If You Bulldoze It, Will They Come? Detroit, Buffalo, and Other Cities Think About Razing Vacant Buildings

Via Alan Vanneman
comes a link to this NY Times story about cities bulldozing blight
rather than trying to rehab it. A snippet:

Large-scale destruction is well known in Detroit, but it is also
underway in Baltimore, Philadelphia, Cleveland, Cincinnati, Buffalo
and others at a total cost of more than $250 million. Officials are
tearing down tens of thousands of vacant buildings, many habitable,
as they seek to stimulate economic growth, reduce crime and blight,
and increase environmental sustainability….

[M]ore than half of the nation’s 20 largest cities in 1950 have
lost at least one-third of their populations. And since 2000, a
number of cities, including Baltimore, St. Louis, Pittsburgh,
Cincinnati and Buffalo, have lost around 10 percent; Cleveland has
lost more than 17 percent; and more than 25 percent of residents
have left Detroit, whose bankruptcy declaration this summer has
heightened anxiety in other postindustrial cities….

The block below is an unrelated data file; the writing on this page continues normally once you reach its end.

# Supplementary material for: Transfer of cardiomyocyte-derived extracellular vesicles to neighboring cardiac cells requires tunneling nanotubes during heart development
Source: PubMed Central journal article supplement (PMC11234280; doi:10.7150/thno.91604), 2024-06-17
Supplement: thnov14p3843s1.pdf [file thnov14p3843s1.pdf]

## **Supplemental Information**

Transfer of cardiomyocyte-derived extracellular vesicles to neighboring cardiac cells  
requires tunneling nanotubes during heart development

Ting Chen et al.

At least one city that has taken a pioneering approach to
confronting diminution has found that accepting shrinkage does not
mean problems go away. Youngstown, Ohio, once a bustling steel city
of 170,000 but now with only 66,000 people, has sought to head off
collapse by tearing down thousands of vacant houses — 3,000 so far
and 10 more each week.

Read the whole thing.

As someone who has lived in and spent time in shrinking cities
such as Buffalo and Cleveland, I understand the appeal – and quite
possibly the effectiveness – of clearing out huge swaths of vacated
land (that assumes, of course, that eminent domain powers are not

But if working on
Reason Saves Cleveland
taught me one thing, it’s that there’s
no simple solution to urban decline. Some of it is simply
historical – the Northeast is not going to dominate American
business and culture that way it did 100 years ago and cities such
as Cleveland or Buffalo or Detroit will never regain their earlier
populations or the density at which they lived. Read
more on that topic here

But it’s also clear that private and public sector boosters are
always more interested in laying big bets on giant development
deals that won’t transform a city or region even if they happen to
work out perfectly. What makes and keeps places livable and
attractive are the smaller-ticket items, such as quality of basic
services such as roads, law enforcement, business climate, schools,
taxes, and regulations. These aren’t sexy items but they are the
things that actually keep cities thriving.

Watch Reason TV’s #AnarchyinDetroit playlist to learn how
residents are taking their bankrupt city back, block by block:

from Hit & Run http://reason.com/blog/2013/11/12/if-you-bulldoze-it-will-they-come-detroi

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